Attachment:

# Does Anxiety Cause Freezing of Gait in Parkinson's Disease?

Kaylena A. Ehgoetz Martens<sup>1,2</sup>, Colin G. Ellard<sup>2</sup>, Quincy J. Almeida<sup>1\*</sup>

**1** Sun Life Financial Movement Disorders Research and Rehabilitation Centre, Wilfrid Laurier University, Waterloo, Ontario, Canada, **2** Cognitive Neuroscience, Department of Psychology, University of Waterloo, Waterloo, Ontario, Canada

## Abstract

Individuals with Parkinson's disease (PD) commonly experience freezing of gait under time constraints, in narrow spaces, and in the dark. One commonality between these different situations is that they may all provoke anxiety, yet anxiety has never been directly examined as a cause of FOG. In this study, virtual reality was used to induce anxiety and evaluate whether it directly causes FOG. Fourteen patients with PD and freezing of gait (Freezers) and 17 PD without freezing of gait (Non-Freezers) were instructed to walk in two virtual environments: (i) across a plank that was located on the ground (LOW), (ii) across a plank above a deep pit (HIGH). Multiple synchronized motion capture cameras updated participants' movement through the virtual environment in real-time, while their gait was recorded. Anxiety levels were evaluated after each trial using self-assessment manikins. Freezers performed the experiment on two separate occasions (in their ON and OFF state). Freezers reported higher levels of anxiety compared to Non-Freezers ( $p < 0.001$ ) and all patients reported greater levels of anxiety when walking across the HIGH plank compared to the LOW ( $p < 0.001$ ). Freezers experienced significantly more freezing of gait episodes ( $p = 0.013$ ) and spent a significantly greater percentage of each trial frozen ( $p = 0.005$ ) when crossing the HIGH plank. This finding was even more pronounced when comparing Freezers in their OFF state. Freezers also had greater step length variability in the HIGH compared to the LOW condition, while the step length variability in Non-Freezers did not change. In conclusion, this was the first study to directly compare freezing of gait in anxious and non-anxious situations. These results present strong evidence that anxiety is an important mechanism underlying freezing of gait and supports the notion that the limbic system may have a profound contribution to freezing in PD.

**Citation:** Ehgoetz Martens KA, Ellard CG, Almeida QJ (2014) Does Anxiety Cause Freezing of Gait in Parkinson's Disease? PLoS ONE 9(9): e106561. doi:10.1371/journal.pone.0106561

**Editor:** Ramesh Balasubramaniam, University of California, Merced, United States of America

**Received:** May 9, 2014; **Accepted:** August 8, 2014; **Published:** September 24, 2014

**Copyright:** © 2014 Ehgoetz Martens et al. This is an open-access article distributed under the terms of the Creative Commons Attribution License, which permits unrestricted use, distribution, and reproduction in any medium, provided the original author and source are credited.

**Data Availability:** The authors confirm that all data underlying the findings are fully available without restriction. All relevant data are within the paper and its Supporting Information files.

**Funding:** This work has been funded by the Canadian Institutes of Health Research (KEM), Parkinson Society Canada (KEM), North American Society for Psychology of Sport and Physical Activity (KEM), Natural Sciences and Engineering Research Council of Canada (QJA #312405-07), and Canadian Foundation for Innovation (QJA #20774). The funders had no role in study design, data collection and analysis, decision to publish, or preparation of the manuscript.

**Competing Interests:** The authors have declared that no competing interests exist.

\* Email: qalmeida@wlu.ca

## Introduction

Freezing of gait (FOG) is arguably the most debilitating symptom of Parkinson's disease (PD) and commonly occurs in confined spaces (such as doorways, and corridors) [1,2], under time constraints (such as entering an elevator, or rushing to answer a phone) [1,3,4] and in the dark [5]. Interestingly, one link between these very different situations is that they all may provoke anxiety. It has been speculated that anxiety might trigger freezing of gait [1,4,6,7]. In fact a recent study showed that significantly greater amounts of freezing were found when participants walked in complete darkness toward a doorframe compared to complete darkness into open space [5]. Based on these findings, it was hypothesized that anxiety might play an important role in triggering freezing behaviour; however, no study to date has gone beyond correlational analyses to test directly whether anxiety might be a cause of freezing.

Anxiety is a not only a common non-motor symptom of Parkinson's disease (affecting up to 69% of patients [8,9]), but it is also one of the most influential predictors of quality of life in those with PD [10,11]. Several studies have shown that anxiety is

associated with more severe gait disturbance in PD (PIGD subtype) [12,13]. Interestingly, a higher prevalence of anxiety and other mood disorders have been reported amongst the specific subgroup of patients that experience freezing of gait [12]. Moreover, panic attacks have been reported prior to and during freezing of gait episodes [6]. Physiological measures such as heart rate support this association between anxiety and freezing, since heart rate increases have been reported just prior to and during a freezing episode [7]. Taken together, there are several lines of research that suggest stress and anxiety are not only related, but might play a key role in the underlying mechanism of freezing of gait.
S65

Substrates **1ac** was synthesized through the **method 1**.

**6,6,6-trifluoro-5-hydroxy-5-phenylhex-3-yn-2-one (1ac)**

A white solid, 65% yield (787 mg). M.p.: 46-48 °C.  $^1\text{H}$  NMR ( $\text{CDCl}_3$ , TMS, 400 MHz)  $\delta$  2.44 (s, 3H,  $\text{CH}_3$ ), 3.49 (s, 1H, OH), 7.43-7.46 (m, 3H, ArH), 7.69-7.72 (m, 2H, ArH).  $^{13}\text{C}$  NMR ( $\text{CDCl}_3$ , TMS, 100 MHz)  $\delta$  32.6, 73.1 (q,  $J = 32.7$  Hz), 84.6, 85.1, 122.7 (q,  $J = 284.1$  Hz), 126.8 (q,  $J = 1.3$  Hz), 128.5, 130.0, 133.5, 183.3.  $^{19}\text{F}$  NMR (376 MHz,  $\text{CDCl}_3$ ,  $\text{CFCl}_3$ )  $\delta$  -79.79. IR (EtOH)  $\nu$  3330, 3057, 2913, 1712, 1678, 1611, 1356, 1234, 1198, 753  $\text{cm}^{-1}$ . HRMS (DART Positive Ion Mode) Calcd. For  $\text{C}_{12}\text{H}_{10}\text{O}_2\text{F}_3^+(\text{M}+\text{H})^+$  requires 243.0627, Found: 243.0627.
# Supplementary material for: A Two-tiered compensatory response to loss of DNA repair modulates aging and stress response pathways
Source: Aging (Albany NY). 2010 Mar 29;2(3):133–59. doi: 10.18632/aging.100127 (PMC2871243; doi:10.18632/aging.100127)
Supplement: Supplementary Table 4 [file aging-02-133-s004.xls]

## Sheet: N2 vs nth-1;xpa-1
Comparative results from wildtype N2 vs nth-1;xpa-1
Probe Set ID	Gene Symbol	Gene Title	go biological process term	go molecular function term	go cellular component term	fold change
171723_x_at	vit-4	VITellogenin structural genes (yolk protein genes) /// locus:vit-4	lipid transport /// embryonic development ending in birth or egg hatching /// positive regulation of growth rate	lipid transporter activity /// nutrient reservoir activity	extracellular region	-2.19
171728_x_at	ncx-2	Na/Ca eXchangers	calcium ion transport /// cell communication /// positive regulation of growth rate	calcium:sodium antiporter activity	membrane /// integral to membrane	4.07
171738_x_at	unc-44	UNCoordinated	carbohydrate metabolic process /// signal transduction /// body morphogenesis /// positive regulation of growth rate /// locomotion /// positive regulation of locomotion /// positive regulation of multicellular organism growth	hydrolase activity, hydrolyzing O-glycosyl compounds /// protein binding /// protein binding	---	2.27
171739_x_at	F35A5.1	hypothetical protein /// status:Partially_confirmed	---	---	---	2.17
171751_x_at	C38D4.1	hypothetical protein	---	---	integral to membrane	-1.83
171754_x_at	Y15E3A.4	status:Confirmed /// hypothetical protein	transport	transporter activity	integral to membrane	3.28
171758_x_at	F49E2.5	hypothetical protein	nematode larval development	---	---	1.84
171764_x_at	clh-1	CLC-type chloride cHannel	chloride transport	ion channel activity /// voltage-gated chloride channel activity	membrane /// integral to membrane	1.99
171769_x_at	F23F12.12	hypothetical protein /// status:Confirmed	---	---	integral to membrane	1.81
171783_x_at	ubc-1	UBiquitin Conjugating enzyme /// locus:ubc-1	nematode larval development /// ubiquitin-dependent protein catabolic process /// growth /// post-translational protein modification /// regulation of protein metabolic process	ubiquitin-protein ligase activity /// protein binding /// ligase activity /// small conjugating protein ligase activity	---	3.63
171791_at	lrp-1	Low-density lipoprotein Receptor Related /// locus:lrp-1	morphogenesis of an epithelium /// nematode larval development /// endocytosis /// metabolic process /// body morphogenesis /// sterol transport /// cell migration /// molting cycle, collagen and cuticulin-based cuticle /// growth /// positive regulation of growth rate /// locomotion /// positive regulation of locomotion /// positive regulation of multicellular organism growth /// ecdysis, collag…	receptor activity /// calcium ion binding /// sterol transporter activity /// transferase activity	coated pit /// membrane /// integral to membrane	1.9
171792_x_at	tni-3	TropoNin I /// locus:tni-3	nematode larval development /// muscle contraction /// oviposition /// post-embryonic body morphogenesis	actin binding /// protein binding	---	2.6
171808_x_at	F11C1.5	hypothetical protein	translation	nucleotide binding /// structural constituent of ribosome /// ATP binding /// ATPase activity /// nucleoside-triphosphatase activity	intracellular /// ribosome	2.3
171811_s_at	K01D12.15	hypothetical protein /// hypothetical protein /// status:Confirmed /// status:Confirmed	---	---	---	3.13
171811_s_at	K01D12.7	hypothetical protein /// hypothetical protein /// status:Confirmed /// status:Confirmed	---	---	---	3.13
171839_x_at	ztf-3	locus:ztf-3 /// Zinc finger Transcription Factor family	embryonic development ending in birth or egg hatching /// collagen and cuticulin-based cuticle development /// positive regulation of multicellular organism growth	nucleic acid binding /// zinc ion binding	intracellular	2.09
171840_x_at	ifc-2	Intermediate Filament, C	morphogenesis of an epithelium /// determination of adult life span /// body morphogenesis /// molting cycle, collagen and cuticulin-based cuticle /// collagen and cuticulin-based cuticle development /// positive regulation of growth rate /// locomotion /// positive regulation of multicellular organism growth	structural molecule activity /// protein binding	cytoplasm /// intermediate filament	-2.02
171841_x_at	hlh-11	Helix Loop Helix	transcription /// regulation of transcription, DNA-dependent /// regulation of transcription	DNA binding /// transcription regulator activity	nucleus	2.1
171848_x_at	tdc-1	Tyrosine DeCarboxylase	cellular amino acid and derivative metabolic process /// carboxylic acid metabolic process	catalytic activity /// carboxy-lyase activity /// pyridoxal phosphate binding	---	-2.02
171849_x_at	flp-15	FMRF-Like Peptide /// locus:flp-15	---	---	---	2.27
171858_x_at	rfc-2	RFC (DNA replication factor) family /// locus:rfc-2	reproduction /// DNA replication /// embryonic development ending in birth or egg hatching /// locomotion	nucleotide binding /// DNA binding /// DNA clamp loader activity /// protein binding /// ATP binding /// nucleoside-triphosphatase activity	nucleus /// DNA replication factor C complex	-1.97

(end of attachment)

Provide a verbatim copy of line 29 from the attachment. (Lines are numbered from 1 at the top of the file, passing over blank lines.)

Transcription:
171728_x_at	ncx-2	Na/Ca eXchangers	calcium ion transport /// cell communication /// positive regulation of growth rate	calcium:sodium antiporter activity	membrane /// integral to membrane	4.07